The challenge facing state and local government today is not merely to spend money on infrastructure, but to spend that money in a way that will foster economic development. Economic development leaders often approach this in a one-off way -- an off-ramp, rail spur or property that benefits a business they’re trying to attract. Such an approach may help a specific business, and in turn, help the community. But it’s not likely to lead to transformative economic development efforts. Transformative efforts are usually systemwide, and they generally do one of three things:
Make it easier to move goods and people, as the Erie Canal, Transcontinental Railroad and interstate highway system did.
Make it easier to move information vital to commerce. Think of the telegraph, telephone and Internet.
Radically reduce the cost of doing business -- or alternatively, greatly increase the capacity to do business. The introduction of electricity as well as the Internet served both of these purposes.
Of the many infrastructure investments on the table today in the United States, only a few serve any of these three purposes. The creation of a high-speed rail system is one. The conversion of the electricity system to a smart grid is another. Both of these are not small projects and are likelier to be efforts led by states -- using federal funding in the first case and working with private electricity providers in the second.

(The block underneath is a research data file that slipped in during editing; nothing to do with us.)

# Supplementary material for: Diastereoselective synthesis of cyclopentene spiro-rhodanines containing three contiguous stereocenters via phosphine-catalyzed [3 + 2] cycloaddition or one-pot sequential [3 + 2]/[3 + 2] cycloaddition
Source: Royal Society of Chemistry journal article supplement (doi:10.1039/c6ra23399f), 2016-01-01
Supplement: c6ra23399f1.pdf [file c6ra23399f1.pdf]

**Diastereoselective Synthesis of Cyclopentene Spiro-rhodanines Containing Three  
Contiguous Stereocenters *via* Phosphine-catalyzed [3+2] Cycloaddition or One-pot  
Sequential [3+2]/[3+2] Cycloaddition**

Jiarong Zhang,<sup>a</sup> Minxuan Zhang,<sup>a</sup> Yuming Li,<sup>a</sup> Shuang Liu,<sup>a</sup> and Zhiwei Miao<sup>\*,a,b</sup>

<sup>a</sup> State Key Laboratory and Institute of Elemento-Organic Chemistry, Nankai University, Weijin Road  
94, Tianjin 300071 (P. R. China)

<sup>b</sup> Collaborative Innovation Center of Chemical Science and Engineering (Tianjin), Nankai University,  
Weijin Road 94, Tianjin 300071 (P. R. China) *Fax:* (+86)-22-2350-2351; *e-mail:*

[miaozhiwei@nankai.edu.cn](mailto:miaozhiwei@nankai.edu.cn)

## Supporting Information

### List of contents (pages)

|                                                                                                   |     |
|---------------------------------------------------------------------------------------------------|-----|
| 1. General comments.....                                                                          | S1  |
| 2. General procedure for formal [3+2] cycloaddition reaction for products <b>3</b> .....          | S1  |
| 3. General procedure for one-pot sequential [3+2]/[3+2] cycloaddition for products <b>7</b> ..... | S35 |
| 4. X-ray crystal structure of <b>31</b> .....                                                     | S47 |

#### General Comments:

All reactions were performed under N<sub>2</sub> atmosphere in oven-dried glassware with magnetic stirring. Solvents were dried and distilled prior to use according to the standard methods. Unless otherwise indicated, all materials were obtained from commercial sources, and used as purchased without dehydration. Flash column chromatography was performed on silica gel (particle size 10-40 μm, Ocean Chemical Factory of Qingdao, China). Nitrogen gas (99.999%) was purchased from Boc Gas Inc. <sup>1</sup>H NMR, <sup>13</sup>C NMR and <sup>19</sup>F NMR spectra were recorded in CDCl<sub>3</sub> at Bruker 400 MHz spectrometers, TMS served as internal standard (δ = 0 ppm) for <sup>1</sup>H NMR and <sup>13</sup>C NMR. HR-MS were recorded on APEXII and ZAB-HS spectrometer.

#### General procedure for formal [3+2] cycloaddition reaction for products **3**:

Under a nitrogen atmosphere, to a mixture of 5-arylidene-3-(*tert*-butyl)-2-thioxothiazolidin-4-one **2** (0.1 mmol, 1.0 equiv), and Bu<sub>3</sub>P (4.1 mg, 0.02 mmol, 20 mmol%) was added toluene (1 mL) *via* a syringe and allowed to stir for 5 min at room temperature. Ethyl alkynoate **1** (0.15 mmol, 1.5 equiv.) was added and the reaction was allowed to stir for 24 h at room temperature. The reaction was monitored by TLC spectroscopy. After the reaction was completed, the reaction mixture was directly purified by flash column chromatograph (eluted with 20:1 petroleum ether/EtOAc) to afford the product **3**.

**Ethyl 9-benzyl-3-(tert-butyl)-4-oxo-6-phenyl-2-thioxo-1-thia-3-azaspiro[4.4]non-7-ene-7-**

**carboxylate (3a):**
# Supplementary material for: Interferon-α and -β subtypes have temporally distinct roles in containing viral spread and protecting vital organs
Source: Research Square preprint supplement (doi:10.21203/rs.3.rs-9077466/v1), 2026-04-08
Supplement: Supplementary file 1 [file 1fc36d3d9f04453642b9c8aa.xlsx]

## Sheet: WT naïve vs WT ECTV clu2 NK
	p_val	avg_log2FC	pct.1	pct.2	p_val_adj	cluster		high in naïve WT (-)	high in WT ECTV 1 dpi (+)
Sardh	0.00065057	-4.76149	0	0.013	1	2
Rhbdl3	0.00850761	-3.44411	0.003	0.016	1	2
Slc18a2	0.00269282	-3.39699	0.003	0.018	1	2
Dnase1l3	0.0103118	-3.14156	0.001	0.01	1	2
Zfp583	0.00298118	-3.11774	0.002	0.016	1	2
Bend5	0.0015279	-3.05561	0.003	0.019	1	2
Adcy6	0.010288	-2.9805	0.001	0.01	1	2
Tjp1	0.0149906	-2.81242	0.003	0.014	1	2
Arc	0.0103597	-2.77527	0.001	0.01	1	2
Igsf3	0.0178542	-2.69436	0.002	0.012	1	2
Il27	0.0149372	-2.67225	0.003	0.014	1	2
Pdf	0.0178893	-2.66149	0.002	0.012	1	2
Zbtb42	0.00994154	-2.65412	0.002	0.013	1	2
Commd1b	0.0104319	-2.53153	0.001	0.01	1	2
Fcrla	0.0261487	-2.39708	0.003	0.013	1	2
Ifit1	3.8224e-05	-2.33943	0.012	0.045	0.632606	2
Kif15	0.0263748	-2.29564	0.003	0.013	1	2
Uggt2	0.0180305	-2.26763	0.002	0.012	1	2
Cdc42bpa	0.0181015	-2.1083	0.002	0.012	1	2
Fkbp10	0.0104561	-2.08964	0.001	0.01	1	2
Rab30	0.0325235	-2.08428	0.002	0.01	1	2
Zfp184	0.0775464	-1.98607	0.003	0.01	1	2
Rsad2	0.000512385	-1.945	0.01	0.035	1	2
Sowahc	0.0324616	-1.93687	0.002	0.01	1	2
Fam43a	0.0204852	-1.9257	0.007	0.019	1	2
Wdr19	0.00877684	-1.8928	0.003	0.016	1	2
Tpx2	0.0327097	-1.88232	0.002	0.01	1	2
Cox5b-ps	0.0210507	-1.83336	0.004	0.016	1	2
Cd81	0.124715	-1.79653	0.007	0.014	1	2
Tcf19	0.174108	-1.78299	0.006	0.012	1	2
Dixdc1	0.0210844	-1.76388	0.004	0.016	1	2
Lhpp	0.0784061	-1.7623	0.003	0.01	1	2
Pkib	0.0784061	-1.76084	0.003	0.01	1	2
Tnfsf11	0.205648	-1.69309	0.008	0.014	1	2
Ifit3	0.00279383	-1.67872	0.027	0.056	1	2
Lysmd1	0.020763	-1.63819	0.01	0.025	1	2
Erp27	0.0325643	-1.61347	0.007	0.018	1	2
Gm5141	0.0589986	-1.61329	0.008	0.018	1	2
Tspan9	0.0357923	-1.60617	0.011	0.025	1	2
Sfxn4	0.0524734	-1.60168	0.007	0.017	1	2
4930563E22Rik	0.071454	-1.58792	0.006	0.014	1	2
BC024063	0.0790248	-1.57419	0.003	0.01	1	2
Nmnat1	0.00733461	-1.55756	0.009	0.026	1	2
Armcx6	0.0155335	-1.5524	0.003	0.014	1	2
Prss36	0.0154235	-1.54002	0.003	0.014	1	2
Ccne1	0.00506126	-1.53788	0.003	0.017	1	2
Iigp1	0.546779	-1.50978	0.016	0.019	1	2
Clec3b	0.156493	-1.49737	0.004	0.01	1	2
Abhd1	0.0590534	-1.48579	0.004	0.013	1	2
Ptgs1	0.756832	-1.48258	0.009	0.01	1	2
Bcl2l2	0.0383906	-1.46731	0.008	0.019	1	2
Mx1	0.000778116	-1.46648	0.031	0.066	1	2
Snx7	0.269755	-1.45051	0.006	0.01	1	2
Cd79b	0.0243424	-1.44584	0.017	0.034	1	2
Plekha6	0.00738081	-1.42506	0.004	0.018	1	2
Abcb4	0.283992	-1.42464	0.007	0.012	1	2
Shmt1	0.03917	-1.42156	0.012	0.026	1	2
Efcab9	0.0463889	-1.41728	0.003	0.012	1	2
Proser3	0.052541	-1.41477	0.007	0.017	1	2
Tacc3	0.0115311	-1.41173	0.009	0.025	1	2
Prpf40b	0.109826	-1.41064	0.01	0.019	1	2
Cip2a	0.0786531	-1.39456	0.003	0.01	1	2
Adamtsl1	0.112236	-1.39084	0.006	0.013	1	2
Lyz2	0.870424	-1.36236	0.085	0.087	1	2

Where does that leave localities and metropolitan areas -- today’s Syracuses and Lockports? These days, any metropolitan-level effort toward big infrastructure -- the Houston Ship Channel, for example -- is likely to include state and federal involvement. But that doesn’t mean these can’t be instigated locally. With major metropolitan areas facing unprecedented congestion, perhaps the most compelling infrastructure projects -- at least from an economic development perspective -- are those that fill small gaps but break big logjams.
Think, for example, of L.A.’s Alameda Corridor, a $2.4 billion infrastructure project, which took 30 miles of congested rail traffic out of the L.A.-Long Beach Harbor and put it underground. Or look at Philadelphia’s Center City Commuter Connection. This two-block transportation tunnel built in the 1980s, at a cost of $330 million, allowed a complete rerouting of all commuter rail traffic in Philadelphia that led to a much better use of the entire region’s rail system.
High-speed rail and the smart grid may turn out to be tomorrow’s Erie Canals. But in a mature society such as ours, it may be that small infrastructure connections -- expensive though they may be -- will be transformative in the future.